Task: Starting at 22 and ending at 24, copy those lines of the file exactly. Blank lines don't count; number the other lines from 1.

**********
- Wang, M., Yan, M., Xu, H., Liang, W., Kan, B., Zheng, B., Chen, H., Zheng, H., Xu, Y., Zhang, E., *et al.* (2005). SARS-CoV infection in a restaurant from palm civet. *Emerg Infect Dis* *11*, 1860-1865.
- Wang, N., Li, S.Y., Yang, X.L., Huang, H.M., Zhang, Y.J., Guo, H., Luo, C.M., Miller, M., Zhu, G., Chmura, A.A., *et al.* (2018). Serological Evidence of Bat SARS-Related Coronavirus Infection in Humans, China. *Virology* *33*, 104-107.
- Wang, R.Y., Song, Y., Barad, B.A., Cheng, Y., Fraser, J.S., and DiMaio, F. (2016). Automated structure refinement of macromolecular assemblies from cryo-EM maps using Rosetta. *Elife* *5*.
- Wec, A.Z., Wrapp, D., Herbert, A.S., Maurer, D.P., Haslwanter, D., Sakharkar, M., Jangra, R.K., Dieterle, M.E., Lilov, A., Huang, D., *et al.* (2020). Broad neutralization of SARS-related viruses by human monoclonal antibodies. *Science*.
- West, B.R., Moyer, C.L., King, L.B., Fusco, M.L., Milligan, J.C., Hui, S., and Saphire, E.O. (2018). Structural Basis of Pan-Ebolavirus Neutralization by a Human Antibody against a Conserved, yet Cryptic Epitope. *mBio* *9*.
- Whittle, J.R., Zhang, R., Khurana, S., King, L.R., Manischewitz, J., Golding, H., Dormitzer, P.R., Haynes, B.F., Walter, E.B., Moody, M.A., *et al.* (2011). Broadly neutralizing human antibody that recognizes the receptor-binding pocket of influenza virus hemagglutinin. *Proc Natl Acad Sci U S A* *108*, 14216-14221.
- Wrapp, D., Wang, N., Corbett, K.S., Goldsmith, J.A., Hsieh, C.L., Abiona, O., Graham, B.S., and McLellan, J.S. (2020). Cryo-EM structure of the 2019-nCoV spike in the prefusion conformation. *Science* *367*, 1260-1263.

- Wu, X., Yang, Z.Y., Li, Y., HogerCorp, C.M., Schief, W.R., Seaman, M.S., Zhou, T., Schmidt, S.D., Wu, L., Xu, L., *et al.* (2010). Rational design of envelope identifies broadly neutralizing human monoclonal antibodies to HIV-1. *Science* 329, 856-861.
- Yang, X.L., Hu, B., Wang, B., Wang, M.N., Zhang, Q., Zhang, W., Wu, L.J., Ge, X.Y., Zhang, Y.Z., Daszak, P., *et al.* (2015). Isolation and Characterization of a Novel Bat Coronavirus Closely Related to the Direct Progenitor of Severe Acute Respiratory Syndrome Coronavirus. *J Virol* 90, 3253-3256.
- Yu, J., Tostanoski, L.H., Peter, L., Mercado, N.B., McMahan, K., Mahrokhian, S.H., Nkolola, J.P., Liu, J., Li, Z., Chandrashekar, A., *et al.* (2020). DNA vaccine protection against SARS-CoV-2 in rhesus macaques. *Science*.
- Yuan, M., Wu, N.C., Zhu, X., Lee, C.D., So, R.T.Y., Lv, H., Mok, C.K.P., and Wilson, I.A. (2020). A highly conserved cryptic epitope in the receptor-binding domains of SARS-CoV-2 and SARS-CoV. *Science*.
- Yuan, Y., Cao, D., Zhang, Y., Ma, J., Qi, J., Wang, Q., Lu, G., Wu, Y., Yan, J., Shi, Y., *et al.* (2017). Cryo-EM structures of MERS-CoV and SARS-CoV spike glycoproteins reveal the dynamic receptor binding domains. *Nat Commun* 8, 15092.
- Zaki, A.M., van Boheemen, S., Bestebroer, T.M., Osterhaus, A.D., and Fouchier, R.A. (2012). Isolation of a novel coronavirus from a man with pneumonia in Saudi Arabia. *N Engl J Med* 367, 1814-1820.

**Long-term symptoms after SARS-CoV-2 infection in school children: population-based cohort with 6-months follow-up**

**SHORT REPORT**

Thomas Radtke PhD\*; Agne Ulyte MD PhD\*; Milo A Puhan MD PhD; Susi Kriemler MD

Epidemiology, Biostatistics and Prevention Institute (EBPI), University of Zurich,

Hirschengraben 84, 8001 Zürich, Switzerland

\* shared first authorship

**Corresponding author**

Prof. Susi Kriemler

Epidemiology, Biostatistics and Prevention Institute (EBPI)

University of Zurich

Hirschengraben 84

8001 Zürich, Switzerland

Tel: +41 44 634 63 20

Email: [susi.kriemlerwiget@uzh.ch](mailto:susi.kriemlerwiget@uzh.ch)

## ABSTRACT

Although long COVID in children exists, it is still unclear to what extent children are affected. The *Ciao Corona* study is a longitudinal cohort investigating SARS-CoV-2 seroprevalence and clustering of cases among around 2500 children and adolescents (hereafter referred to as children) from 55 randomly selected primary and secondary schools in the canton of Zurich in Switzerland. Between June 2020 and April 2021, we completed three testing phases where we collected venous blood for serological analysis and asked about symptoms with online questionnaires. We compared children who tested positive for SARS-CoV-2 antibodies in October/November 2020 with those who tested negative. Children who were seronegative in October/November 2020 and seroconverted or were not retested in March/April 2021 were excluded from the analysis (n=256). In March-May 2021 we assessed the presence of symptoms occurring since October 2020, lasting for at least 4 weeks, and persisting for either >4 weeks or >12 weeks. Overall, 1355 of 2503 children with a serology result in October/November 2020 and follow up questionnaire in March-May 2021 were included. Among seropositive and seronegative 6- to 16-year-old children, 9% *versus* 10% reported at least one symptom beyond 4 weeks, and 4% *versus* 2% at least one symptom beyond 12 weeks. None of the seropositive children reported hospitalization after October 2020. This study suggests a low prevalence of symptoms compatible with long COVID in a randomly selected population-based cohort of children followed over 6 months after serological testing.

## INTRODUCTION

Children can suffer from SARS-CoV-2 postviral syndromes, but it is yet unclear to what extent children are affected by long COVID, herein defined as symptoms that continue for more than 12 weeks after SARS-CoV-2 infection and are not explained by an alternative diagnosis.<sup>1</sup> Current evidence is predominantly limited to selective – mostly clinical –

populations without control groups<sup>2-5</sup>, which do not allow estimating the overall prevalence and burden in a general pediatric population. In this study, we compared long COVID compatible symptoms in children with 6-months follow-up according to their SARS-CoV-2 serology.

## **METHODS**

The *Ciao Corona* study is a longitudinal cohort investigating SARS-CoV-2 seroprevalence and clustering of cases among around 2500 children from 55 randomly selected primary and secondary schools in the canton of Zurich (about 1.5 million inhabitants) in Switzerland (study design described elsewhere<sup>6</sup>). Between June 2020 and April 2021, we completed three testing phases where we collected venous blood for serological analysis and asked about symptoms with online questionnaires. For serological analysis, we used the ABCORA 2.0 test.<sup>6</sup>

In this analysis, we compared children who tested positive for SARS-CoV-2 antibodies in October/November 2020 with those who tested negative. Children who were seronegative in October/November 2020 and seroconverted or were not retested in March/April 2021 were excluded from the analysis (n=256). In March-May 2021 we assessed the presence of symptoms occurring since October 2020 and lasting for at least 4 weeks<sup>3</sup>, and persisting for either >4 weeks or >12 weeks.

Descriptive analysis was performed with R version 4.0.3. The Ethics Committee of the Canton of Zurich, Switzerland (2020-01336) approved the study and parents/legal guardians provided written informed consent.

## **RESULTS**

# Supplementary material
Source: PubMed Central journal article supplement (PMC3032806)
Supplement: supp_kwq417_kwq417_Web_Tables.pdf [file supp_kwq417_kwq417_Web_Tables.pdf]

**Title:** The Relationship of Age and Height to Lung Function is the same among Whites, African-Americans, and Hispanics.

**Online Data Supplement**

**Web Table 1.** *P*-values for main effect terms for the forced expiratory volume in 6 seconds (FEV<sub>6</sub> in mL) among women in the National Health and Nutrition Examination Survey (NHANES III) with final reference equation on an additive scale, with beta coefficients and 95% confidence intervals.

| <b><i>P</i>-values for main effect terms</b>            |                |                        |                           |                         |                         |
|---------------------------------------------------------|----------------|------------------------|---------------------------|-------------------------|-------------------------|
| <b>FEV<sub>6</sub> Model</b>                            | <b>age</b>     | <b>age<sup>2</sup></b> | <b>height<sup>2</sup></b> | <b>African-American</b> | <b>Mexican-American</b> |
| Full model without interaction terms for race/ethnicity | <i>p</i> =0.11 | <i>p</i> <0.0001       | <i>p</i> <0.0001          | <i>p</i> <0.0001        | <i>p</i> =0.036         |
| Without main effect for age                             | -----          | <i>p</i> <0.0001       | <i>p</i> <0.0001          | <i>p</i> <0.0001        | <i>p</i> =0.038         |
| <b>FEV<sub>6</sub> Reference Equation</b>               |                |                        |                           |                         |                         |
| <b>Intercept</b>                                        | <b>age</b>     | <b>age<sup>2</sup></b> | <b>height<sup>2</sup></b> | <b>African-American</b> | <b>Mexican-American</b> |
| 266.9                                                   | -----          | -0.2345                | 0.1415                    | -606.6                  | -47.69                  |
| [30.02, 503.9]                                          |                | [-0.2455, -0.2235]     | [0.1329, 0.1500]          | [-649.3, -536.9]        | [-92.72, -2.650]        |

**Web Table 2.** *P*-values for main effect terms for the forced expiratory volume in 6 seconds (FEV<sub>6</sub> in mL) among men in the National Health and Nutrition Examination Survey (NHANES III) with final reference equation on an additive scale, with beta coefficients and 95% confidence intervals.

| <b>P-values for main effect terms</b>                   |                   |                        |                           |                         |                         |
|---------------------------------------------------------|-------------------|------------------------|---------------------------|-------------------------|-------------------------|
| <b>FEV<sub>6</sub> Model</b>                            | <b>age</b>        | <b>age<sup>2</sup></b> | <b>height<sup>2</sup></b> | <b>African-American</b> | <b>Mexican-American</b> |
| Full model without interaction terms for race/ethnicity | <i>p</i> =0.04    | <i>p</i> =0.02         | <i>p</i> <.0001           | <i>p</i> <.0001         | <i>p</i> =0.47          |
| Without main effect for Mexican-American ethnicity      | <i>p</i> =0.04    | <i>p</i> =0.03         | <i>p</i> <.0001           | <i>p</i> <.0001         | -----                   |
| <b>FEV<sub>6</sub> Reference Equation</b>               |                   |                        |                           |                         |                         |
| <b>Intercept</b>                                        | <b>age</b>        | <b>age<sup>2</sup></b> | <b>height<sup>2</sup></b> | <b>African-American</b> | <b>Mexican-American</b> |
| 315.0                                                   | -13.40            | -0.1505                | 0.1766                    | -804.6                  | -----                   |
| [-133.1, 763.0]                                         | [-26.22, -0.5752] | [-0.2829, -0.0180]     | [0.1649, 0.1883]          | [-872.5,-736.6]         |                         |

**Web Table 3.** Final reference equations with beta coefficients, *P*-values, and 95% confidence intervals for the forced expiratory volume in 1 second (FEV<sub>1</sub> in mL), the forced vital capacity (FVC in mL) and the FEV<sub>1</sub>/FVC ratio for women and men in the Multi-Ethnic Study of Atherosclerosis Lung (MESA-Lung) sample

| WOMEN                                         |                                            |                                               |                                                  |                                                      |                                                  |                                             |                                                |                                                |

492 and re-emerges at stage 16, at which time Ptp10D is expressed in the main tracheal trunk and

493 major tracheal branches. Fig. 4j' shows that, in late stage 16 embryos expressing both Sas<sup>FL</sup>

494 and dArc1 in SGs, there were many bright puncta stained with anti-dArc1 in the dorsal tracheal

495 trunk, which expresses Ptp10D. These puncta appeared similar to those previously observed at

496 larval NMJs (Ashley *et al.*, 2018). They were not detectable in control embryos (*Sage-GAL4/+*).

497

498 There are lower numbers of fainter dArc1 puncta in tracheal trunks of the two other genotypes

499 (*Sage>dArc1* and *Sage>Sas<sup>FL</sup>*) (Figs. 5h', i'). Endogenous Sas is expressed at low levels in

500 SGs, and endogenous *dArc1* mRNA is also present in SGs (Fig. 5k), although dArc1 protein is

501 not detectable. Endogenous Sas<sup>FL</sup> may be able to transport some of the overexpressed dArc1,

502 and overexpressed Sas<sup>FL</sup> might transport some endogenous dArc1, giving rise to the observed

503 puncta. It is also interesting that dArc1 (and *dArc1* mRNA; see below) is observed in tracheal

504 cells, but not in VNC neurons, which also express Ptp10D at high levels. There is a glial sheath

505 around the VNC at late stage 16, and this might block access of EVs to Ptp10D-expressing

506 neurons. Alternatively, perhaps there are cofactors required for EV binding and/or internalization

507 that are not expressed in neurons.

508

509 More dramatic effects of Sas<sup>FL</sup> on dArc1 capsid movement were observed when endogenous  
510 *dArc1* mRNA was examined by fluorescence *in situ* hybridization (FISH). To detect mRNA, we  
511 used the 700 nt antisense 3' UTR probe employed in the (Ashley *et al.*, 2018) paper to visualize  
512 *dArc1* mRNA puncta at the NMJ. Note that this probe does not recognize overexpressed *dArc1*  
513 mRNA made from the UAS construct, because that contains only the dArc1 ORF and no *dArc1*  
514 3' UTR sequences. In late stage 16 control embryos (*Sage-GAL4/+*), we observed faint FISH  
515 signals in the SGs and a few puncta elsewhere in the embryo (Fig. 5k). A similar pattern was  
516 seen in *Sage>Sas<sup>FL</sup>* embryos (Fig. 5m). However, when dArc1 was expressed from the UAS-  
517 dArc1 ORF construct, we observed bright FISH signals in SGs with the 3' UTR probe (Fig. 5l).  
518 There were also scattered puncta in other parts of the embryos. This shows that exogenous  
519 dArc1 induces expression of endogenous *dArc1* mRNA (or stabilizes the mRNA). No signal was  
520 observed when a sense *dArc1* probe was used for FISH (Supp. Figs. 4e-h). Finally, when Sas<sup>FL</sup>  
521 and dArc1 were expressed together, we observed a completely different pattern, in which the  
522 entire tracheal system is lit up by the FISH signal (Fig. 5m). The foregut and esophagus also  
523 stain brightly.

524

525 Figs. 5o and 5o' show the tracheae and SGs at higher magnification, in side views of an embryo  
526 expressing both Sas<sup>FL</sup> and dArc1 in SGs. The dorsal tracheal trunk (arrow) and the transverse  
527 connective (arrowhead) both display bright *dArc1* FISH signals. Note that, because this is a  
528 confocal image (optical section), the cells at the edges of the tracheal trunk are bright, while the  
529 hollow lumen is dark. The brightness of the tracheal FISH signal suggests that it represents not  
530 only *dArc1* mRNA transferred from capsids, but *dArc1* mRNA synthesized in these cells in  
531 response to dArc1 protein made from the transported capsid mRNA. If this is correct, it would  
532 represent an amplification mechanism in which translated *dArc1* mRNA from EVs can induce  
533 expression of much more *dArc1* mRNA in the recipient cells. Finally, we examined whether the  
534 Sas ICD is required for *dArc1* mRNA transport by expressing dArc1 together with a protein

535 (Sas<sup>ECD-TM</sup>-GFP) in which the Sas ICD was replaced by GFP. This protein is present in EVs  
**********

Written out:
Epidemiology, Biostatistics and Prevention Institute (EBPI)

University of Zurich

Hirschengraben 84